As you enter the theater, actors clad in neutral grey courteously greet you, lead you to a basin, and solemnly help you wash your hands. The splashing water provides the only sound in the hushed, neutral-colored space dominated by pale bluish greys — the better to contrast with the blood that will flow in Shaking the Tree theatre’s annual Halloweenish horror show.

Actually, the gore isn’t portrayed realistically but symbolically; Head. Hands. Feet. is by no means a fright fest. In fact, the first half consists of fairy tales, although anyone’s who’s read non-Victorian-sanitized ancient tales knows how really, ah, grim and gory they can be.

They can also seem pretty backward from a 21st century perspective, often punishing characters — particularly females — who transgress social norms. Accordingly, all three devised stories — and the adaptation of a classic Greek play that occupies the show’s second half — to some degree sanitize their models to make them more progressive/feminist/modern and, well, Portland than the originals.

Shaking the Tree Theatre's Head.Hands.Feet.

Shaking the Tree Theatre’s Head.Hands.Feet.

While that updated sensibility may make the stories seem more suitable to today’s audiences, it sometimes also makes them a shade too comfortable, at the expense of the dark reality they caution us about — not too different, ultimately and ironically, than what the Victorians did to those dark stories. It’s almost like thinking the world is like what we saw at the Democratic convention, and just ignoring that other one — the real horror show of last summer. At times, the apparent attempts to bring out more contemporary perspectives on these ancient tales actually undermine the modern moral stance these adaptations are trying to advance.

Nevertheless, as with any production involving the Portland theater power trio of imaginative director Samantha Van Der Merwe, and irresistible actors Beth Thompson and Matthew Kerrigan, you should see Head. Hands. Feet. — though not to be terrified, but to have your terrors cleansed.


MusicWatch Weekly: Jazz giants and geniuses

Oregon's musical week is heavy on jazz, and offers plentiful musical attractions in other genres too

It’s raining jazz in Oregon: so many shows to choose among, including the world’s greatest jazz orchestra, a pair of fine drum and keyboard duos, and more. Plus there’s two flavors of improv-heavy Indian music, Japanese percussion, and even some classical chamber and choral concerts. If you know of other concerts of interest to ArtsWatch readers this week, please share that info in the comments section below.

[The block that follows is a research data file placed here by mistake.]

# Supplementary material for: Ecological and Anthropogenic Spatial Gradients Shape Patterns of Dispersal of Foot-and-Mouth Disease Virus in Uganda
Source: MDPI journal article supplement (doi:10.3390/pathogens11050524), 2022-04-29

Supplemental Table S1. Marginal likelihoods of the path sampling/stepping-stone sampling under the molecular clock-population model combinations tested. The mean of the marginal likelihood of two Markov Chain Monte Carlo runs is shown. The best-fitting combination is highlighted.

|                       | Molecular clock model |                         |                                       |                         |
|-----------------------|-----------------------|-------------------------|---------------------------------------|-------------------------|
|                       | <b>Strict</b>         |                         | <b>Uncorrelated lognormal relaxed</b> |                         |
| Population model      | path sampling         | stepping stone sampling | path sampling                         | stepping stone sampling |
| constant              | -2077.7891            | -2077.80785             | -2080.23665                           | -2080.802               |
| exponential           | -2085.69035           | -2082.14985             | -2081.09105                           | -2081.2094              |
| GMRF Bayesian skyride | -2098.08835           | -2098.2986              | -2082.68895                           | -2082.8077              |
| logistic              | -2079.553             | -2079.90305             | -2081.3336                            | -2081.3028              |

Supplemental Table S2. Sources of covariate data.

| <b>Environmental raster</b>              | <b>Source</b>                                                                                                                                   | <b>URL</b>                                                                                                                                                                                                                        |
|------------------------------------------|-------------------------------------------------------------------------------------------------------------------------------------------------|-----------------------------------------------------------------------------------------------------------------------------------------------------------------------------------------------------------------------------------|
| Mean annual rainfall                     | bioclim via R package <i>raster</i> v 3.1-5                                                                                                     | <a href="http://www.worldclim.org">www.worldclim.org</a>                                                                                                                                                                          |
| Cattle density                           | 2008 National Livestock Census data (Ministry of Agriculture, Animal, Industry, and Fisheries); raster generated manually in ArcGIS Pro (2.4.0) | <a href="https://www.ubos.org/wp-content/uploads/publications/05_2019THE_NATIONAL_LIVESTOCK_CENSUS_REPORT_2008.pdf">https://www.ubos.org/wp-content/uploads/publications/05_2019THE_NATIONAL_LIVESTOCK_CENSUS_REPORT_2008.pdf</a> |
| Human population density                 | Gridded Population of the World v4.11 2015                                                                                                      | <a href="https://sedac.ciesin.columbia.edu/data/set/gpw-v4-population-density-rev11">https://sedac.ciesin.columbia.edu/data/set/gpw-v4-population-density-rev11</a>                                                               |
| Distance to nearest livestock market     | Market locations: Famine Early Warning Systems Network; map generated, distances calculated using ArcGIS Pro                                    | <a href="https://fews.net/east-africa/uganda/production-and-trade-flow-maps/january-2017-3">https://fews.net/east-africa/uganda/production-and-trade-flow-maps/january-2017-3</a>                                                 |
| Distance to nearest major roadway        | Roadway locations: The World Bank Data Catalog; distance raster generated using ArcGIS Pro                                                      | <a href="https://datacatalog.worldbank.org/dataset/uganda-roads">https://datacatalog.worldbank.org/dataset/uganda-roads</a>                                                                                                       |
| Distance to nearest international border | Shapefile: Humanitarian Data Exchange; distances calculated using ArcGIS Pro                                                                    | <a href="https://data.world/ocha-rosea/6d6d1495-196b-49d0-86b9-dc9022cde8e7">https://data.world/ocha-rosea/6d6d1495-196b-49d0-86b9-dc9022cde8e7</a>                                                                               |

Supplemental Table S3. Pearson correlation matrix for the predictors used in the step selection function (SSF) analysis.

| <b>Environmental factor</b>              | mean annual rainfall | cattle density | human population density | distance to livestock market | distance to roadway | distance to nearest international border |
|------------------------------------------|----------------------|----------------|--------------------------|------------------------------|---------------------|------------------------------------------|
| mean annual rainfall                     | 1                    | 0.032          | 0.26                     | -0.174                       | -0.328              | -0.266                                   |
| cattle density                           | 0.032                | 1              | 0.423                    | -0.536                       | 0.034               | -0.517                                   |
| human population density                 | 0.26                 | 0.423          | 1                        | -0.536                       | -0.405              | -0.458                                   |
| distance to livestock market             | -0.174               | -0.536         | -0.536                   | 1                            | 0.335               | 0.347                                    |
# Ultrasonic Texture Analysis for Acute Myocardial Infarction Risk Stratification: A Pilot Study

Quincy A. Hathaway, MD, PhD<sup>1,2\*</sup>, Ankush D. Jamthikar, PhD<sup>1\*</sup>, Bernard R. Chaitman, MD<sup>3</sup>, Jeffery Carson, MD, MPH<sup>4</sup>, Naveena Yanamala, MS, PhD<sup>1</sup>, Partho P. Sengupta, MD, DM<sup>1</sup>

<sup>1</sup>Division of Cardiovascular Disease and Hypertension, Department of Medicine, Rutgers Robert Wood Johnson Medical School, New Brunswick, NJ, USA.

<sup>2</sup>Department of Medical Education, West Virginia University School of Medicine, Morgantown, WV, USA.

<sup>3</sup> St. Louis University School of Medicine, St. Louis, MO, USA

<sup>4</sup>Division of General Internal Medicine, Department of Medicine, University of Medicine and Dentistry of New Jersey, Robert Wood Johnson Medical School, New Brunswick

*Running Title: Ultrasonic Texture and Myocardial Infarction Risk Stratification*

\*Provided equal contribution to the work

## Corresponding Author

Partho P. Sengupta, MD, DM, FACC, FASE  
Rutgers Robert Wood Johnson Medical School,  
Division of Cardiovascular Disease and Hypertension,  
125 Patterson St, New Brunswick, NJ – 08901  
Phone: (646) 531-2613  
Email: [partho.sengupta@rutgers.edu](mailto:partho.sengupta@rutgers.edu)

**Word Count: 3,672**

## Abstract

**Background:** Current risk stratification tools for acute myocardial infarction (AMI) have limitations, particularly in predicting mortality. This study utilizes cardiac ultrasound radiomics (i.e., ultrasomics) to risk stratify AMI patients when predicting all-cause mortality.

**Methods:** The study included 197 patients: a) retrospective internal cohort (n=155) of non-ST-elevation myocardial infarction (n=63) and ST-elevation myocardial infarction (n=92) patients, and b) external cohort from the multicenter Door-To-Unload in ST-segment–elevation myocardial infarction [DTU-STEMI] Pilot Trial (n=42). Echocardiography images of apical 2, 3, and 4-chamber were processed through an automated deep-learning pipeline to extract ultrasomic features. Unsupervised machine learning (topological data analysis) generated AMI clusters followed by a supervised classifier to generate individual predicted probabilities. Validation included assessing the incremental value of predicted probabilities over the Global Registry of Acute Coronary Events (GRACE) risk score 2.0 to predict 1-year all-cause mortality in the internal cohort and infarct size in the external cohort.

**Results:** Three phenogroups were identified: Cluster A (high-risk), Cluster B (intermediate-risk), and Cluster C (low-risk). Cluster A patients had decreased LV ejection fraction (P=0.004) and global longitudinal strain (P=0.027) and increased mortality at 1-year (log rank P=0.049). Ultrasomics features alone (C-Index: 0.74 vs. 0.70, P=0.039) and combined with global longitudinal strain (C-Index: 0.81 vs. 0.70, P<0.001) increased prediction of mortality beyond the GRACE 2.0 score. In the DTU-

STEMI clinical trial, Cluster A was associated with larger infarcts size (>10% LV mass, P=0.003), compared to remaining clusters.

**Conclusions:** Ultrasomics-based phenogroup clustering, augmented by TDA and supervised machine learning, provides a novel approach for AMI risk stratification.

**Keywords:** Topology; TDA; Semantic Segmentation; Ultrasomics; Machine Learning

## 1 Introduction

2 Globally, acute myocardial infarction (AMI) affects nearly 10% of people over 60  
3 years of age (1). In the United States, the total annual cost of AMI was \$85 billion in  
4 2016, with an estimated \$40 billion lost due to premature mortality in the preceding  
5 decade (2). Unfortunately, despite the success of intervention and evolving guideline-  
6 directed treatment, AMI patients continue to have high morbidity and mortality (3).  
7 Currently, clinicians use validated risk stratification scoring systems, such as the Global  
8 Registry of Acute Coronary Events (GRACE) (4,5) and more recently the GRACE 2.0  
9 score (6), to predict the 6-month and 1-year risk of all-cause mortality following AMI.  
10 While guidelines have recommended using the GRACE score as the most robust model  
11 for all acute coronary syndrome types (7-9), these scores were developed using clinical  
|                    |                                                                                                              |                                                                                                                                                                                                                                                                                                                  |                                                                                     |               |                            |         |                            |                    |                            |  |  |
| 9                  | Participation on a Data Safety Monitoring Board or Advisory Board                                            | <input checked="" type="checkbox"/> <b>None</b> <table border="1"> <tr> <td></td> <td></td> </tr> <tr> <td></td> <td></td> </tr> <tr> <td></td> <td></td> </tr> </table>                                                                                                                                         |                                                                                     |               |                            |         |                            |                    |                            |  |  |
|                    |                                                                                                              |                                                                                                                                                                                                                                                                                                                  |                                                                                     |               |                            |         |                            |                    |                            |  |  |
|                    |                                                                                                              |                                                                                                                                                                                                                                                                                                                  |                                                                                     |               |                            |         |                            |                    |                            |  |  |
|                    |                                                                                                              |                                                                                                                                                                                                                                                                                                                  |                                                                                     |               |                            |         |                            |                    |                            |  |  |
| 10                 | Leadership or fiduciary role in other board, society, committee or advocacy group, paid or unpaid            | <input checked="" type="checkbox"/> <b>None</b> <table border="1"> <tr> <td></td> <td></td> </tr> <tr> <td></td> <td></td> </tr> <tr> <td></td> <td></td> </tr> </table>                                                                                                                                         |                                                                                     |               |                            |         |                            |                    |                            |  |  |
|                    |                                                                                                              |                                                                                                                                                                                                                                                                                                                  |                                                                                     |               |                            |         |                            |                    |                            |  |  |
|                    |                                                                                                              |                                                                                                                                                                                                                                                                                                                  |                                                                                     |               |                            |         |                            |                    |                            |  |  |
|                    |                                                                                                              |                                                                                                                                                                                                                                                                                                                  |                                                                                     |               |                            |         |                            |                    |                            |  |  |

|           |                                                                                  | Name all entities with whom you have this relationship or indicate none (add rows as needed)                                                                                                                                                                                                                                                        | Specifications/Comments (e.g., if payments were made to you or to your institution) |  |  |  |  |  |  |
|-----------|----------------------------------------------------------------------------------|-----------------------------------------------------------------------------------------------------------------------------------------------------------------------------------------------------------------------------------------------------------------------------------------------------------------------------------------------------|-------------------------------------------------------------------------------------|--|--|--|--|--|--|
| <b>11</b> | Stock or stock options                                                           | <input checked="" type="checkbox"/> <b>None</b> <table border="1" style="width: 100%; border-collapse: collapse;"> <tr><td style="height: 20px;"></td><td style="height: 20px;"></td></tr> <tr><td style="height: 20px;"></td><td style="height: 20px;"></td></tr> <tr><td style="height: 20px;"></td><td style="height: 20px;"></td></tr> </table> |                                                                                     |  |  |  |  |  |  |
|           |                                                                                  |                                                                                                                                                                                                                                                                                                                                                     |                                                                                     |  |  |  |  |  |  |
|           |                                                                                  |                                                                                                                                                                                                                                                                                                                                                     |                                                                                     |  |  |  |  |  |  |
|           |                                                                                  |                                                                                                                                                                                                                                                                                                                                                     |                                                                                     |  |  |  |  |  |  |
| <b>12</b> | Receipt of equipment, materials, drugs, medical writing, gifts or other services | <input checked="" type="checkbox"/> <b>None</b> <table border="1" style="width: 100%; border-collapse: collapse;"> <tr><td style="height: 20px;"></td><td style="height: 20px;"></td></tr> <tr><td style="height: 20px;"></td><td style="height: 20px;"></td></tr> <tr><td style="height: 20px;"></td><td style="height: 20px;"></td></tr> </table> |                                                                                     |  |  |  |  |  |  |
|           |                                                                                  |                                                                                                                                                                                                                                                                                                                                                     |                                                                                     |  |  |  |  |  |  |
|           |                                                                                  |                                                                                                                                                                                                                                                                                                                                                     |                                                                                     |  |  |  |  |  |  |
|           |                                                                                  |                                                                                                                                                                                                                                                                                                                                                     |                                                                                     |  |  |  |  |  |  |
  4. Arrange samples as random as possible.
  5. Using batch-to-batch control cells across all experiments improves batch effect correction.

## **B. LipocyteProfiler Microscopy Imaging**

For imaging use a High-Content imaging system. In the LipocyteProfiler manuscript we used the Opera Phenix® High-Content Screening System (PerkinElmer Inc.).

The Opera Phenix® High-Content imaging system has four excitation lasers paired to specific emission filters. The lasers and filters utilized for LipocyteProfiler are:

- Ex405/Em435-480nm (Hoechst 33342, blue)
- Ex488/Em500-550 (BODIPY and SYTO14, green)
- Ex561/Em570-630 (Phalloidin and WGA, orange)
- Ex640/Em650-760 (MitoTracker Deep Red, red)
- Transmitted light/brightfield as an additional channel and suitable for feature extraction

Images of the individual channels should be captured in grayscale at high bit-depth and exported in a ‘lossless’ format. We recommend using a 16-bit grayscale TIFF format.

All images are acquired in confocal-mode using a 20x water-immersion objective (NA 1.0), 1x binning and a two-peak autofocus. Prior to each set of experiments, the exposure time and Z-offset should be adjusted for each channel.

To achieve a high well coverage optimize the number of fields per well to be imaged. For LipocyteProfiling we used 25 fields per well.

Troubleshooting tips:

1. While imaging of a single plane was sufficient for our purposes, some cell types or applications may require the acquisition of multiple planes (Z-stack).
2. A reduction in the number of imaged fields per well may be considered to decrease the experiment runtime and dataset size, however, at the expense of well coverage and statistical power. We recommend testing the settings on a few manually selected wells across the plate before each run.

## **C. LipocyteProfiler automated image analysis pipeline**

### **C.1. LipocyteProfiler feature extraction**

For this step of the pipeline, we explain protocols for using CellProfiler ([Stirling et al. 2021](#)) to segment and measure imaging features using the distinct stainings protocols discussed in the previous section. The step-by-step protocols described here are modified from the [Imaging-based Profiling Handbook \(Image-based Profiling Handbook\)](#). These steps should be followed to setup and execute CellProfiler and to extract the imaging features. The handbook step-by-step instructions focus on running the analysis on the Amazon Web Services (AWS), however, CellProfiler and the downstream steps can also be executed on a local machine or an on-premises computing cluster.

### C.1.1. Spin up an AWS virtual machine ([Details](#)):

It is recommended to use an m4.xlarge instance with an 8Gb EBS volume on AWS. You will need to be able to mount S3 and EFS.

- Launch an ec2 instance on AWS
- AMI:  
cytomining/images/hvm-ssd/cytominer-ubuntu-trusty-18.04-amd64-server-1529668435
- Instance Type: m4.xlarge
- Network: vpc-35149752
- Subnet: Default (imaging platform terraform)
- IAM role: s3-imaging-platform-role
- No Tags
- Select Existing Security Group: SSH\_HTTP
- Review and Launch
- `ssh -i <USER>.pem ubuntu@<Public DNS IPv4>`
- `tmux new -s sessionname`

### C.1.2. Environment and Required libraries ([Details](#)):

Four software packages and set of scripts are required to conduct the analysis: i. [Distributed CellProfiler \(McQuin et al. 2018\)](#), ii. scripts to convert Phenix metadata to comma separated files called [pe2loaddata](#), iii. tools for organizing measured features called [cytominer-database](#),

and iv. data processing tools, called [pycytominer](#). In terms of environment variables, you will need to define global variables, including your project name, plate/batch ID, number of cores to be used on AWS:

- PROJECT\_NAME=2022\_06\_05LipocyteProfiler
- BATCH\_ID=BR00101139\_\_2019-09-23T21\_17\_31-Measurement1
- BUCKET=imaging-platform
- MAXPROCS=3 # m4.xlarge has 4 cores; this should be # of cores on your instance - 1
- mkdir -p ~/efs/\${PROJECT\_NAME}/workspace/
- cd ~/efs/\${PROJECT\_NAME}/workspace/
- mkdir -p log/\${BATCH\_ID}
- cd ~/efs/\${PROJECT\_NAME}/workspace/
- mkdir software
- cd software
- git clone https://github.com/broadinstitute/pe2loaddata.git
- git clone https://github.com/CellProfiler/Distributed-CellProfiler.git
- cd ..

The Taiko Project and Portland Taiko perform Sunday. Photo: Rob Hammer.

The Taiko Project and Portland Taiko perform Sunday. Photo: Rob Hammer.

Jazz at Lincoln Center Orchestra with Wynton Marsalis
October 12
Arlene Schnitzer Concert Hall, 1037 SW Broadway, Portland.
Probably the finest jazz orchestra in the world features not just trumpeter/composer Marsalis’s richly colorful originals but also classics by Duke Ellington, Charles Mingus and contemporary big band composers and is a must see for big band fans. Thara Memory’s American Music Project, which so impressed Marsalis when he named them the winners of a major competition in New York last year, opens.

Scott Amendola and Wil Blades
October 12 Cozmic Pizza, Eugene, and October 13, Mississippi Studios, Portland.
Hammond B-3 and clavinet champ Wil Blades’s duo with Scott Amendola, probably the Bay Area’s busiest jazz drummer, echoes those groovy jazz organ-drum-bass trios of the 1950s and ‘60s but adds modern rhythms and harmonies. They’ve played with Nels Cline, John Zorn, John Scofield and plenty more.

Matt Chamberlain and Brian Haas
October 12, Talent Club, Talent, October 13, Sam Bond’s Garage, Eugene, October 14, Mississippi Studios, Portland.
Matt Chamberlain is well known for drumming with jazz stars like Bill Frisell, Herbie Hancock, and Brad Mehldau along with pop singers like David Bowie, Fiona Apple, and Morrissey. He and keyboardist Brian Haas, who leads the groovy Jacob Fred Jazz Odyssey, deliver strutting 21st century jazz/funk on their new album Prometheus Risen.

Xylouris White
October 13
WOW Hall, 291 W. 8th Ave. Eugene.
Read my Willamette Week preview of the duo featuring a Cretan lutenist and an Australian drummer.

Ingrid Laubrock & Tom Rainey
October 13
Leaven Community Center, 5431 NE 20th Ave. Portland.
German-Brooklyn saxophonist Laubrock and fellow New Yorker Rainey have separately played with all range of improvisers, from jazz greats Dave Douglas, Mose Allison, Joe Lovano to Fred Hersch Kenny Wheeler and Jason Moran, among many, many others. They’ve also explored more avant garde regions, and their second album, the new Buoyancy, floats above categories.

Cavatina Duo
October 14
The Old Church, 1422 SW 11th Ave. Portland.
Spanish flutist Eugenia Moliner and Bosnian guitarist Denis Azabagic are not only one of the planet’s finest duos of their kind, but are also committed to performing and commissioning new music. Winners of multiple competitions, the Chicago-based duo has made some excellent albums for Chicago’s Cedille and other record labels. Though they’ve performed, separately and together, with top orchestras and chamber ensembles around the world, they’re entirely worth seeing on their own.

“Requiem for the Living
October 14-15
Choral Arts Ensemble of Portland, St. Andrew Catholic Church, 806 NE Alberta St. Portland.